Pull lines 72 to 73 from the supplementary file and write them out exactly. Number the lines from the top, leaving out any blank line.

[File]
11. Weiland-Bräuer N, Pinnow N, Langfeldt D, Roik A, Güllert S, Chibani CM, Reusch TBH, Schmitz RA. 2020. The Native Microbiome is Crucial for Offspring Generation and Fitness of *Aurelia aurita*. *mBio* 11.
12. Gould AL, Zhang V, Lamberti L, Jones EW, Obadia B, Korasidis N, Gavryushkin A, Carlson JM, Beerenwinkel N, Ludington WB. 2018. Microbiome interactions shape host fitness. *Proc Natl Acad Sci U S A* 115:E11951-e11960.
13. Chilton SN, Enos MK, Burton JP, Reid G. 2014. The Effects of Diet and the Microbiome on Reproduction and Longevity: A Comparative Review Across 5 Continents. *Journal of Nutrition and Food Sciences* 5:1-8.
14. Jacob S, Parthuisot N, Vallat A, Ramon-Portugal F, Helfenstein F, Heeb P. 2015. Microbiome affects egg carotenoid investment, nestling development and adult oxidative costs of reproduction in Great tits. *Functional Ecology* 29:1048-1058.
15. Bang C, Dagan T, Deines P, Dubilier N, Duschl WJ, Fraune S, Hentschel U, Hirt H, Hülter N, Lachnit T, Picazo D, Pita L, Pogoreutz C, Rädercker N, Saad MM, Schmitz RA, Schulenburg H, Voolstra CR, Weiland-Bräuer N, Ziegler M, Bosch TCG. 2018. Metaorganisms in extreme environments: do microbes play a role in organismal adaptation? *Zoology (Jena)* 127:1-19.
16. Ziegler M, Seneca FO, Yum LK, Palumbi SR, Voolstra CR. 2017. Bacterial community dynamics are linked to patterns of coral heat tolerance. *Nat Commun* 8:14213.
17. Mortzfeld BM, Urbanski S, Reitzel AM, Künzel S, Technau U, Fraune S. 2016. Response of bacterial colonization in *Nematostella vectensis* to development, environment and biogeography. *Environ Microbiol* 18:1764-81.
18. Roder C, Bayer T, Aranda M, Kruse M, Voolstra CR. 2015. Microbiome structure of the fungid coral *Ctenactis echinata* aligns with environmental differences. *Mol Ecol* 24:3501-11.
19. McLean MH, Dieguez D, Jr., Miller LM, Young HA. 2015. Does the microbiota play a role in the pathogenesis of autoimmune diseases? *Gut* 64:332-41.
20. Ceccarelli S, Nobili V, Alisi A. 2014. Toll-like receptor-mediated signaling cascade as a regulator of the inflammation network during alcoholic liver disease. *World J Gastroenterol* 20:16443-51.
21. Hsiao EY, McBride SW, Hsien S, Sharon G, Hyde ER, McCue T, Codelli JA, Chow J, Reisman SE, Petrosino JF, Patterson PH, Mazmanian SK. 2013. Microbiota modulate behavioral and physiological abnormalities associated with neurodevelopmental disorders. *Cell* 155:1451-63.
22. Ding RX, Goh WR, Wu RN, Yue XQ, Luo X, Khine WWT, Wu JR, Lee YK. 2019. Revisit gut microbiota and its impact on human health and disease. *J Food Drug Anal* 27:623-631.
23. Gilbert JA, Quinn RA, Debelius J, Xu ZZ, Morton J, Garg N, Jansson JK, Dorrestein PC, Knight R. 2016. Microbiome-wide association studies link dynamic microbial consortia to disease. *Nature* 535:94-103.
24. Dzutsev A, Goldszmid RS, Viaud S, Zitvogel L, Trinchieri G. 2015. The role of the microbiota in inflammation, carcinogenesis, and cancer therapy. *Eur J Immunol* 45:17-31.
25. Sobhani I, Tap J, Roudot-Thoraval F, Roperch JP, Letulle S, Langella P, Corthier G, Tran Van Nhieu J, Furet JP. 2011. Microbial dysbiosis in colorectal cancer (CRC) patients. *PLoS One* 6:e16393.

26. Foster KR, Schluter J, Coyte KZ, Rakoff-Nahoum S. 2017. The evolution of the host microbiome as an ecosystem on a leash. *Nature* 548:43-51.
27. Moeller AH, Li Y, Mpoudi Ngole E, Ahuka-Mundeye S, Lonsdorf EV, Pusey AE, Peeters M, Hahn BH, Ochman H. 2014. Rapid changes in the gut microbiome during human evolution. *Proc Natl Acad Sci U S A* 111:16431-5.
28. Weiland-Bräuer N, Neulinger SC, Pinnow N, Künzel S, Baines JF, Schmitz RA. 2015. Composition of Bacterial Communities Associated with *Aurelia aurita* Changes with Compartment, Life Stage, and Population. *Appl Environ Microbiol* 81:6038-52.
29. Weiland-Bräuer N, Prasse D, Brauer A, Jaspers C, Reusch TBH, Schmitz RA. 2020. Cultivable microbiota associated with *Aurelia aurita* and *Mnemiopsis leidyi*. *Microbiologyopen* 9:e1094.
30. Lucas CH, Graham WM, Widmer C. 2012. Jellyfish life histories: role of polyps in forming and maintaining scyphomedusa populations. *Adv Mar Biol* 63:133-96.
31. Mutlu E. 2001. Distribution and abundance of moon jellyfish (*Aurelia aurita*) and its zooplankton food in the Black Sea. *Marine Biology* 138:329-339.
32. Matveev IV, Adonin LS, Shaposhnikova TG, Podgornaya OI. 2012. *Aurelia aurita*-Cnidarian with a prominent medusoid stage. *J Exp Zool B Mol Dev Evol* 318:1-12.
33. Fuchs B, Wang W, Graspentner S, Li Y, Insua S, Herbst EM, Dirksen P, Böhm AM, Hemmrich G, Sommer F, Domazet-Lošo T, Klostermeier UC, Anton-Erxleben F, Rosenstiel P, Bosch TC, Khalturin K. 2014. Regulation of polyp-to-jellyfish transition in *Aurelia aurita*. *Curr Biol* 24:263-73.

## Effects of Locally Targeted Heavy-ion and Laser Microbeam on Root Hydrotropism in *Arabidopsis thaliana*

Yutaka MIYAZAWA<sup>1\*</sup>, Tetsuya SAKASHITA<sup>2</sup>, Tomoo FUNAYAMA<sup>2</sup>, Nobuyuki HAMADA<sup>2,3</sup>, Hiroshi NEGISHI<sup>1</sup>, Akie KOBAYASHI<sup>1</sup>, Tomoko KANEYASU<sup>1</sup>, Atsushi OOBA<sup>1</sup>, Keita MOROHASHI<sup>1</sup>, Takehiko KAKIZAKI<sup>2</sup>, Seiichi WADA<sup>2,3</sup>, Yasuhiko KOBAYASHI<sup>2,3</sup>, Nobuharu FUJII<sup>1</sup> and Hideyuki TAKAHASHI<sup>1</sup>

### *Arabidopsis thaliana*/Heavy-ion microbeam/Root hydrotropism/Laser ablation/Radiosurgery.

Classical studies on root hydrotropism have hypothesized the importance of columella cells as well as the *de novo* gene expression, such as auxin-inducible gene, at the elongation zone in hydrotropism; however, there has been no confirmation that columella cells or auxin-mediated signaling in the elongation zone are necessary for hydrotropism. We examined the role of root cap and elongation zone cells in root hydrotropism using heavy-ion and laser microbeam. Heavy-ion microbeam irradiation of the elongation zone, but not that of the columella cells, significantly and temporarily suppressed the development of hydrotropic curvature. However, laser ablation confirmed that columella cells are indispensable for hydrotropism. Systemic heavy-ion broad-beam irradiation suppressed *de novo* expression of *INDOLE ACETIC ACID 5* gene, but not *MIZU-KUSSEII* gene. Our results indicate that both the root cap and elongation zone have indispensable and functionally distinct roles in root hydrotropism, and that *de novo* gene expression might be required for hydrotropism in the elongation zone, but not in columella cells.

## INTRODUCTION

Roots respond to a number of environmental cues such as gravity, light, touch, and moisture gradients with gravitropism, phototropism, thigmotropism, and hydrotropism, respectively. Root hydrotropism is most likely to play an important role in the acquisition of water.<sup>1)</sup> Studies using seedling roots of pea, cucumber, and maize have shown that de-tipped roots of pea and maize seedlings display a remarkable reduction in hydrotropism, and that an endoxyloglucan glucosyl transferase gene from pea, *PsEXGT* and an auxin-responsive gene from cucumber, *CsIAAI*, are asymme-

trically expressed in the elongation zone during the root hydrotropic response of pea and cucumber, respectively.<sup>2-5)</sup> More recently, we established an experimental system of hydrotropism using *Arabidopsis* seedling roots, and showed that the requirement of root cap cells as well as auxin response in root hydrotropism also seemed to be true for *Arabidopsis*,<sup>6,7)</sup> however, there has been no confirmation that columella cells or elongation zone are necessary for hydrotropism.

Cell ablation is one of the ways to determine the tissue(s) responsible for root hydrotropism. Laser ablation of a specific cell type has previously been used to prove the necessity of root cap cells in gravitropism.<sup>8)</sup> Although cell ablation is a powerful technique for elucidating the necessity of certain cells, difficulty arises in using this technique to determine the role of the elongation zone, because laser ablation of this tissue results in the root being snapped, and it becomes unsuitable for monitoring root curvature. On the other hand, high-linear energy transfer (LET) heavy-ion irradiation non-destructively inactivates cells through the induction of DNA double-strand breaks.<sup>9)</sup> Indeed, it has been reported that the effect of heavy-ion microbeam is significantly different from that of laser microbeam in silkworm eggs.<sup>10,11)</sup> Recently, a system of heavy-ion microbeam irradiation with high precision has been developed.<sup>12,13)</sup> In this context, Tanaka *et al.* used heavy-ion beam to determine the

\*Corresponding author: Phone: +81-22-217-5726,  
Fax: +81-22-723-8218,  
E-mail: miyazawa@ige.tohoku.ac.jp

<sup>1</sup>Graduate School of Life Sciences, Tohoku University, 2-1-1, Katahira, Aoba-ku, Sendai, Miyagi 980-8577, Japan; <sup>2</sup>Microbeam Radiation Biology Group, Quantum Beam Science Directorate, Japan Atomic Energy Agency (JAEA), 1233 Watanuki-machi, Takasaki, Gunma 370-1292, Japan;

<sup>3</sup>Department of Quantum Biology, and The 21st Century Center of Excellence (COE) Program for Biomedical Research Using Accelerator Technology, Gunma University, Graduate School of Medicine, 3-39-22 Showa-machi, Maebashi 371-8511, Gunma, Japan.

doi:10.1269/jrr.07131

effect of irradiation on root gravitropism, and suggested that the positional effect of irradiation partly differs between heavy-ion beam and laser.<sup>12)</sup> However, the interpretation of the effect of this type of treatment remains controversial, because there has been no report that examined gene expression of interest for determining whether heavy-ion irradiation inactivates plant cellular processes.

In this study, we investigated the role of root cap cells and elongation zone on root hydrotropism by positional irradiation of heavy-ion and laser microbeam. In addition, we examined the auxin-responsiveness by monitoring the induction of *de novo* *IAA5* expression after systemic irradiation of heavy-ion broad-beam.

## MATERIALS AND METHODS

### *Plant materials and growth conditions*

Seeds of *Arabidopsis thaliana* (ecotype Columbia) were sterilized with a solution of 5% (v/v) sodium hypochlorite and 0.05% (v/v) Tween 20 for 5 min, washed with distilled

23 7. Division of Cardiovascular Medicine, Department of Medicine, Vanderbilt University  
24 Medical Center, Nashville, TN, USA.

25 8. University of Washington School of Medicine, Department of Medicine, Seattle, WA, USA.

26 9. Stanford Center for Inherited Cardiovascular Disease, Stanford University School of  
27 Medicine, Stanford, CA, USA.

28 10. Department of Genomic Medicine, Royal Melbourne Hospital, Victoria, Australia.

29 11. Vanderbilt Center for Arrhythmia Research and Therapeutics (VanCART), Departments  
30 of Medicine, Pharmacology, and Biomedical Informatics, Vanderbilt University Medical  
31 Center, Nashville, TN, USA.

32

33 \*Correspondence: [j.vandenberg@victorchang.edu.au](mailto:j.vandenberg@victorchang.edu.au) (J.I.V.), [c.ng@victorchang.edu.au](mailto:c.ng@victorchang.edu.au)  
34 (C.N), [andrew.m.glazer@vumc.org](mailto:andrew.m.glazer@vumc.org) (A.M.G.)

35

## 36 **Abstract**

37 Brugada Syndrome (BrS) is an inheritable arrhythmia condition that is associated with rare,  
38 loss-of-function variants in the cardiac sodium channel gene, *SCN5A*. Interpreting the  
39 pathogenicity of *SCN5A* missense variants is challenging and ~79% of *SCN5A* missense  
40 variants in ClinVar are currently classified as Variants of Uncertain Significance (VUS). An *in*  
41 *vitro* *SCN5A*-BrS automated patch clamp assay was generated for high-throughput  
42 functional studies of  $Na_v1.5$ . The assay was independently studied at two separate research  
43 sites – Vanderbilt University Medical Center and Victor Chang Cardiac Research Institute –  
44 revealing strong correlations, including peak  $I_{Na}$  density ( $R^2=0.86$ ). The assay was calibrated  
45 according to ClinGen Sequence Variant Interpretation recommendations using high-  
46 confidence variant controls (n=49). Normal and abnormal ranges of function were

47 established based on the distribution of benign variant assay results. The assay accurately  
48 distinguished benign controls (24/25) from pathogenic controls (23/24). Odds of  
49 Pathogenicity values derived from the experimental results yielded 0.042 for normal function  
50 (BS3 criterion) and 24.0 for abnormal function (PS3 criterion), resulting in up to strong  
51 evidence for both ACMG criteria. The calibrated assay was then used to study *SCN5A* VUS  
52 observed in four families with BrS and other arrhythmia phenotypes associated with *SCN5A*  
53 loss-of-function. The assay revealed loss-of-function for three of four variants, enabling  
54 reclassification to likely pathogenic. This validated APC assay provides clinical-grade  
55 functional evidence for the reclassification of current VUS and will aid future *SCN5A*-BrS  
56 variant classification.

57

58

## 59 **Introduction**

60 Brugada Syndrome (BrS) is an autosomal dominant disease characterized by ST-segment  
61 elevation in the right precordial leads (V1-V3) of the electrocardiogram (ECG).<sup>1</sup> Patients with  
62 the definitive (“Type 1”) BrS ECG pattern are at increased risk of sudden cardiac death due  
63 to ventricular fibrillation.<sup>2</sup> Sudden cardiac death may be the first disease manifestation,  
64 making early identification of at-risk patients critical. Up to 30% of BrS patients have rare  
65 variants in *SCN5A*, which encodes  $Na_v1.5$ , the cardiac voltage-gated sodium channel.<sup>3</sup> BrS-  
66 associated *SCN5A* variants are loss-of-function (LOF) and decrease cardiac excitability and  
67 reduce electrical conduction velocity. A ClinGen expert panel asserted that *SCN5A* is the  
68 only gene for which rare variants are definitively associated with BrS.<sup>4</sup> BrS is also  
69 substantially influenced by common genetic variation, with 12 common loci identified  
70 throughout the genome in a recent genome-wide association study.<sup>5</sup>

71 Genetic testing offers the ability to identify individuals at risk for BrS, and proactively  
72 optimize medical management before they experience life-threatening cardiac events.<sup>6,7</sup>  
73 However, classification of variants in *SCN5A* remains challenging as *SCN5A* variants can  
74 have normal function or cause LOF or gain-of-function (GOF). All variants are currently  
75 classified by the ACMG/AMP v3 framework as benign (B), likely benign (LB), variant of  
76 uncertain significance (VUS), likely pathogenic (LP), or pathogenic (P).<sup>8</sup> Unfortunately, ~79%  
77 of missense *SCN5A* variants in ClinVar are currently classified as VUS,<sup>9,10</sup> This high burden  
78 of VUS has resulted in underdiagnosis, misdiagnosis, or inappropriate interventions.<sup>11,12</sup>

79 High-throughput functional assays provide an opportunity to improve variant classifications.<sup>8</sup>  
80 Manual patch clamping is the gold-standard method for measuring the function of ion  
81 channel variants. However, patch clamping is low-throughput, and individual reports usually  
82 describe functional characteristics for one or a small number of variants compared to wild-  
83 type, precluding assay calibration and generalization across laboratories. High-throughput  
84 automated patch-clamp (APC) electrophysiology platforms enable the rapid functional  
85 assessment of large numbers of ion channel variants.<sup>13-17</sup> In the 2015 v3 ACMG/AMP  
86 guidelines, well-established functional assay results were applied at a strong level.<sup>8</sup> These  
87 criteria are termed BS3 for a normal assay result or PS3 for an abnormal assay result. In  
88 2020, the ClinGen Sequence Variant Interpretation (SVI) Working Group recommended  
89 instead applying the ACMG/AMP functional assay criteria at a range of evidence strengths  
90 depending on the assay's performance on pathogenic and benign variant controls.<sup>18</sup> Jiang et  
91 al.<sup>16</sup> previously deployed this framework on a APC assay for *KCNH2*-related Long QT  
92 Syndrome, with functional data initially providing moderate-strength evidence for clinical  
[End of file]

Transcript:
52 observed in four families with BrS and other arrhythmia phenotypes associated with *SCN5A*  
53 loss-of-function. The assay revealed loss-of-function for three of four variants, enabling  